[00:26:06] If you were to try fixing the way that planners and city officials think about things to give them a book or give them access to expand their thinking. In your case, it was traveling and realizing that your cultural norms didn't apply to a Chinese city and kind of looking outside the box. What do you think is needed for our leaders to learn and to open their minds, to start thinking about this differently?
[00:26:29] Alain Bertaud: Well put yourself in the shoes of somebody else, who is using the city, you know, a plumber or a guy who works in a restaurant Einstein in his memoir says that he discovered some physical law by imagining himself being a photon and going in space. And, uh, what would happen to him if he traveled at the speed of light. Try to solve a problem by trying to imagine yourself in different situation. And then of course you can talk with those [00:27:00] people too. But I think that if you start imagining being in their shoes that will help.
[00:27:05] Olaf Sakkers: It's interesting that you give this example of imagining being in somebody's shoes. Because when I wrote my book, one of the angles I took was writing out what I called user stories. Just like trying to figure out how different people interact with certain things.
[00:27:21] And I, I was writing specifically about something, um, that I think has emerged, uh, over recent years. You, you talk a lot about marketplaces and labor marketplaces, real estate marketplaces and how they, they give tools. But I, I don't think there, until recently, was a real marketplace for transportation in the sense that you can buy standalone trips.
[00:27:43] You'd much more own a car, which is you've got a marketplace for owning cars, but that marketplace doesn't translate into price signals for how people use their cars, which, which is this weird effect where I think you then have planners almost automatically working in a kind of [00:28:00] dark space of like you talked about, Singapore is like a good example of it.
[00:28:04] But for the most part, you don't have that much control over how people use their cars. You create the space and the people come and they do things in that space. So trying to imagine through this lens of user stories, how people use trip marketplaces and use trips for different purposes. And I think as you dive into how trip marketplace is evolving in the diversity of them, how many different kinds of trips people make and all the different kinds of reasons people make trips.
[00:28:31] And to some extent the process for me was like, wow, there's this massive diversity. And at the same time there are only a few categories of different kinds of trips people do make. They go to work, they visit their friends, you know, they go to the doctor, they go shopping, they take the kids to school. Like those are, those are the five big categories of what they're doing at those places. So it's interesting to kind of think about that complexity and also then break it down into a new kind of simplicity and then work [00:29:00] from there.
[00:29:00] Alain Bertaud: In my book, I give the example of this woman in South Africa, who will you know clean offices. And she has a trip, she spent five hours in transport. And she's not poor she has a regular job, she has a minimum wage and she has a heavily subsidized houses. So she has a comfortable house, but she escapes statistics. And so I describe in the book, she had to walk to a collective taxi to the train and then to another train then to another collective taxi in some. So that's why it could take five hours.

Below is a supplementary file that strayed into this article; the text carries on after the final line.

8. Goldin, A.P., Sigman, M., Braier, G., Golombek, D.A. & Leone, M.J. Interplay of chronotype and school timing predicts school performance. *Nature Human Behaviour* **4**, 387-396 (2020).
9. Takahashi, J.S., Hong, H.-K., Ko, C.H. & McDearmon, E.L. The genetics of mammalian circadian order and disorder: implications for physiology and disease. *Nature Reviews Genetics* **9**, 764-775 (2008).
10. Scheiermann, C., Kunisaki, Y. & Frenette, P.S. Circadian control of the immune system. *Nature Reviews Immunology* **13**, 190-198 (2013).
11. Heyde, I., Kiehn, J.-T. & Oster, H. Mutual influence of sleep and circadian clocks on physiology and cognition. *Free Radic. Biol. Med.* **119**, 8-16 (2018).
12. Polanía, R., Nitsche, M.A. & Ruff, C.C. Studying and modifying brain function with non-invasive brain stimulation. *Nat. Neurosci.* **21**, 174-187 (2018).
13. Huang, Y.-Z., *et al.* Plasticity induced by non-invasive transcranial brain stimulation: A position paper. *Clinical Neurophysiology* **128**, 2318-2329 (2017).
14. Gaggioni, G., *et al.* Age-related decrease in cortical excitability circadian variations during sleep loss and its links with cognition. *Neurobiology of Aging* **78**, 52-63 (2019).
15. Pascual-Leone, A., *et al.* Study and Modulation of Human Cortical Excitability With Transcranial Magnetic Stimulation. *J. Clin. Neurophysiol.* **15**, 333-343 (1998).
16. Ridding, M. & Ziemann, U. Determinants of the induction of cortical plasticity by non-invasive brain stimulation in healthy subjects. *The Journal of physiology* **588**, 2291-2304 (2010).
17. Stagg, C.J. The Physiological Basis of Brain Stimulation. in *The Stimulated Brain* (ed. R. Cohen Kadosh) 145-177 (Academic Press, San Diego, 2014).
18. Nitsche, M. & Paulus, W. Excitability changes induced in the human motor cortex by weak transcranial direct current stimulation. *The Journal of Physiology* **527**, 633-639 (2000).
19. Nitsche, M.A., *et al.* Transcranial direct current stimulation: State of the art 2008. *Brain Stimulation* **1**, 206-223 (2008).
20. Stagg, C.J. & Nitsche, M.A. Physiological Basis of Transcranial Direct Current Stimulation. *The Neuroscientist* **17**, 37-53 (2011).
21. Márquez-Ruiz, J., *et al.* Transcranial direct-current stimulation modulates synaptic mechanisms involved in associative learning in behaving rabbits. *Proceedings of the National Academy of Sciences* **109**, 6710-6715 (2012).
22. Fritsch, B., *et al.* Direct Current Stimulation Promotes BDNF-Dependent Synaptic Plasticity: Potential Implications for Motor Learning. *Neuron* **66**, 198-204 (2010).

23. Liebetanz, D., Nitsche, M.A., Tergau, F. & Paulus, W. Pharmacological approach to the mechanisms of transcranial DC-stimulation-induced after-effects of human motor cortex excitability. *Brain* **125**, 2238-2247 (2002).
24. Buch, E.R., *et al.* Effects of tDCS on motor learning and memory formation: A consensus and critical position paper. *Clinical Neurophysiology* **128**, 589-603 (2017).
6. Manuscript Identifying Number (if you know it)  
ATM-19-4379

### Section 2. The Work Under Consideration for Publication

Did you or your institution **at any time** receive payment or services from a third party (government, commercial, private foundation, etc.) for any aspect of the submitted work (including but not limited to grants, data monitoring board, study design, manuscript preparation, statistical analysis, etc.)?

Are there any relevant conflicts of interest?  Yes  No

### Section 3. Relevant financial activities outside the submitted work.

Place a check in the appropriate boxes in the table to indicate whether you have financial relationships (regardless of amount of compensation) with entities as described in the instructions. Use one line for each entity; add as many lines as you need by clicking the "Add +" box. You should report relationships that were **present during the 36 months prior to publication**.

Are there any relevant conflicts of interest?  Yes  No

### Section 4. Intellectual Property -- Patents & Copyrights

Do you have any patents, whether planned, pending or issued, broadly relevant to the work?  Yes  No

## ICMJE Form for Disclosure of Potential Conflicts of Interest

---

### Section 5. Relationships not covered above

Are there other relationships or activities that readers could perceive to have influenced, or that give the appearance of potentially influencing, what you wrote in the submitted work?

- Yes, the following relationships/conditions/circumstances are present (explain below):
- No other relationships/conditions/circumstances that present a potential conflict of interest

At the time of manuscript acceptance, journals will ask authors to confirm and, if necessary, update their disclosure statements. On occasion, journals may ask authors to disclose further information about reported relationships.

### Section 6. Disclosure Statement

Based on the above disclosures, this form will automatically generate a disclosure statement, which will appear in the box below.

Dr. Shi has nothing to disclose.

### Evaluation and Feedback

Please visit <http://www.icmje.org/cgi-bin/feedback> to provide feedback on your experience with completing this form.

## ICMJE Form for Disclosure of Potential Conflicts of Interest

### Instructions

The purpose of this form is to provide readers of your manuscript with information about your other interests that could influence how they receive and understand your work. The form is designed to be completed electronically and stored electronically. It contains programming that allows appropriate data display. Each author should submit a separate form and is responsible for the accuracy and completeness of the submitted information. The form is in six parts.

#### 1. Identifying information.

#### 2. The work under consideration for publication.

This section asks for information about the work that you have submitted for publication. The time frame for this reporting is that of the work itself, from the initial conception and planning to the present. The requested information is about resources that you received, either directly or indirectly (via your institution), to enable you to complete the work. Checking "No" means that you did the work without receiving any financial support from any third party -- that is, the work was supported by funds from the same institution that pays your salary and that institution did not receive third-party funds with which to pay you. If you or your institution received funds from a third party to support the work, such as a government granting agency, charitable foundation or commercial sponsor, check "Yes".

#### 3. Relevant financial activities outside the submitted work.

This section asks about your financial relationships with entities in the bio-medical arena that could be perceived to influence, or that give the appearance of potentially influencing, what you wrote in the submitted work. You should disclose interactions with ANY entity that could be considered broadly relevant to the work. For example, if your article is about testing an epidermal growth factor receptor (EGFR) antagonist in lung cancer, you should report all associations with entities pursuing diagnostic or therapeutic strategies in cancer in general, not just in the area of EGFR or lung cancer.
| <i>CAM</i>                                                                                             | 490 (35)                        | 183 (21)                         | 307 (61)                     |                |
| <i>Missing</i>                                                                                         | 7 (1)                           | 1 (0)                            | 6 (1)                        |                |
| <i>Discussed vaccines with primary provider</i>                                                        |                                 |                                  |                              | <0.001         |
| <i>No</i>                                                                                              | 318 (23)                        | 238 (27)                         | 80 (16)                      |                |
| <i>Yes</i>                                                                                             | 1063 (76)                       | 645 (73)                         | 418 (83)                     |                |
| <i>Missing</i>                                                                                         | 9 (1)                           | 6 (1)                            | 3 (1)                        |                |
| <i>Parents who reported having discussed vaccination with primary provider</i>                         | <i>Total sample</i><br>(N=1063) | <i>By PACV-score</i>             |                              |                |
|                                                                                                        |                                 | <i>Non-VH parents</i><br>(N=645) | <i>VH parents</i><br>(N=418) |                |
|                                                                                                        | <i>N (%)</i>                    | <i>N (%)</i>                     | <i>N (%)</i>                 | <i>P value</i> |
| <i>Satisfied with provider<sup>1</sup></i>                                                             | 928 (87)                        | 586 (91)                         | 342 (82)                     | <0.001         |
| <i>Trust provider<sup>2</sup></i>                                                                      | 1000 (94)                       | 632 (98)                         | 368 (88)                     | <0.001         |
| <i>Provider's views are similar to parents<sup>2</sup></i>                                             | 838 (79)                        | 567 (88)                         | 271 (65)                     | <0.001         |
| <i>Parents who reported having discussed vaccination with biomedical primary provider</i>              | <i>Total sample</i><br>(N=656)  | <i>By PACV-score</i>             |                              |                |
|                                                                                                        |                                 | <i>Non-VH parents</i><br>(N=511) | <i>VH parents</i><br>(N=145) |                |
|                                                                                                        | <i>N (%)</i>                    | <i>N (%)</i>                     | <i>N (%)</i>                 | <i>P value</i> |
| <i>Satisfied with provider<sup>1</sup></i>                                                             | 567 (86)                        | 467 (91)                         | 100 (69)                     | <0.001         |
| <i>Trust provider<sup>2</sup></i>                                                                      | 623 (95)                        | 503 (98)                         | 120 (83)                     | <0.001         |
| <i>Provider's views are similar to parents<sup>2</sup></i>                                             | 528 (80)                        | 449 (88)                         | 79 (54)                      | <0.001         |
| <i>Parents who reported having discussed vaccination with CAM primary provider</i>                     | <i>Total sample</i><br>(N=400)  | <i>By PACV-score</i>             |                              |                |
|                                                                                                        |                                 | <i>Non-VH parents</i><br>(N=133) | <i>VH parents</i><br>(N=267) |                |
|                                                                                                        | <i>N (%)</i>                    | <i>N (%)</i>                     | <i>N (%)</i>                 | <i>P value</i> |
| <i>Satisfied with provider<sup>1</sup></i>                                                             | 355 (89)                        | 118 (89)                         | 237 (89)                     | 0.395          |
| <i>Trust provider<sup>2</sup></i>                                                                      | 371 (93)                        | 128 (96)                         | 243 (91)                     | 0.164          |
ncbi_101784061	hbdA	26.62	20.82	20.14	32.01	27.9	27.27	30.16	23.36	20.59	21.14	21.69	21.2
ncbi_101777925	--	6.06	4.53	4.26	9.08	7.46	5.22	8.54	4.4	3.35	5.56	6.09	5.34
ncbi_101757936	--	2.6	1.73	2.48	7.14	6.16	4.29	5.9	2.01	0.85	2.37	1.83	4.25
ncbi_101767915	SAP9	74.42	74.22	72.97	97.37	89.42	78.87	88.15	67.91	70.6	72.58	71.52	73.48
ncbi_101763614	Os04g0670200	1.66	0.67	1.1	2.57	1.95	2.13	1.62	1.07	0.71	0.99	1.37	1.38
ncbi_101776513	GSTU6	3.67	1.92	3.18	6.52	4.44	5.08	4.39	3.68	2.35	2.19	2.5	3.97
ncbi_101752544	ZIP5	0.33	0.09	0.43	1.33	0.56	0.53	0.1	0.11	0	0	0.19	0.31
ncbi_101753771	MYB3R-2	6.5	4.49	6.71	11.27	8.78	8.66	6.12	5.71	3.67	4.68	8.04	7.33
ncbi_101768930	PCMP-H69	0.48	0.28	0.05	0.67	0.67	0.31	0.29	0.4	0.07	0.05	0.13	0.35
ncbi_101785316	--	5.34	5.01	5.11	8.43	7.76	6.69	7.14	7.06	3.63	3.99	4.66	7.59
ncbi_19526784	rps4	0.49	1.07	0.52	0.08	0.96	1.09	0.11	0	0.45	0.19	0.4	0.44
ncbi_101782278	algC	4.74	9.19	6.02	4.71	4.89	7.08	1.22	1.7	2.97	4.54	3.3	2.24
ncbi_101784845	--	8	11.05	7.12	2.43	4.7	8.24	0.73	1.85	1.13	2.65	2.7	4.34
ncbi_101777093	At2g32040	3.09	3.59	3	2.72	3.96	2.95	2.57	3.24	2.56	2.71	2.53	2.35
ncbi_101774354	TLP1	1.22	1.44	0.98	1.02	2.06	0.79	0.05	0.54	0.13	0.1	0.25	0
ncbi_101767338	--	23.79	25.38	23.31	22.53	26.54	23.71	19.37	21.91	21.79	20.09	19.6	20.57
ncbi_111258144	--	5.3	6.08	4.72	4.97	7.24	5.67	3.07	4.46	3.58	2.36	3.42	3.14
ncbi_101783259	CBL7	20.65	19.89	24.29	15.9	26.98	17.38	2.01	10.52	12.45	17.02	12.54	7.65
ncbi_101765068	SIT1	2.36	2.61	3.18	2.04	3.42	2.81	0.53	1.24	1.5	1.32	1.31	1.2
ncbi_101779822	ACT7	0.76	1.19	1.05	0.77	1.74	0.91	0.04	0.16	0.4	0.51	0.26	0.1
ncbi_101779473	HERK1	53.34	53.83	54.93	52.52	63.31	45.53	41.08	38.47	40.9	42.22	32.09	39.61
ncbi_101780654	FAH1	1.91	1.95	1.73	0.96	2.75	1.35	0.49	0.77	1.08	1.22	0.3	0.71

[00:29:37] Uh, you can say it's a green life and, and I'm afraid that the new poor in our city will not be people were were starving but have a life which is completely skewed by the time they spent making a living, that's case transport could be. What struck me in this South African case is that she's not poor [00:30:00] technically. But her life, , she has children. I mean how do she see her children? Does she has time educating her children? Does she transmit the culture? Because if she spend eight hours working and five hours in transport.
[00:30:12] Olaf Sakkers: I think an interesting question is whether she thinks she has a choice. And the interesting thing about marketplace is actually I have a friend who's a professor of philosophy, he looks at Hagel and what Hagel has to say about marketplaces, that's his, his focus. Hegel's got some really interesting points about marketplaces, which is they're not necessarily bad.
[00:30:35] They, they, they force you to think about your optionality because when you have lots of different choices between this and that, you forced to think about what it is you want as an individual and, and how to weigh those things. And I think that's like one of the weird things about cars in America is it's so simple.
[00:30:53] You need to get a car like, and when you're 16, you need to get a driver's license. And it was same for me in South Africa [00:31:00] growing up, because everything's also built around cars in most, for most people. It's, you know, not considered safe to commute any other way. But when you start having these trip marketplaces where you can take an Uber, you mentioned Uber and it's and it's flexibility, but that's the nature of every trip marketplace.
[00:31:16] It stands up quite quickly, it's quite flexible. I mean, urban planners have kind of tried to swat these things down, um, like mosquitoes in part, because I think, you know, doing nothing is much harder than doing something and not having control is worse than having control, but that's not necessarily, you know, what, what users want.
[00:31:38] And, and I think this is a very extreme example, um, of a lot of the urban planning challenges you described earlier.
[00:31:44] Alain Bertaud: But you see here again, in the case of this woman if she had the motorcycle or even a moped she will take only an hour and a half that transport because it's not that far.
[00:31:54] And, uh, the whole infrastructure is, is, well developed. But, uh, at the time [00:32:00] I was told that that will not be possible because in this township to keep a moped for a woman, stopping at a traffic light it would be hijacked. So she has no choice.
[00:32:11] Prescott Watson: Alain, thank you for joining us.
[00:32:12] Alain Bertaud: Thank you so much. And thank you for inviting me. Always very, it's very stimulating to have this conversation.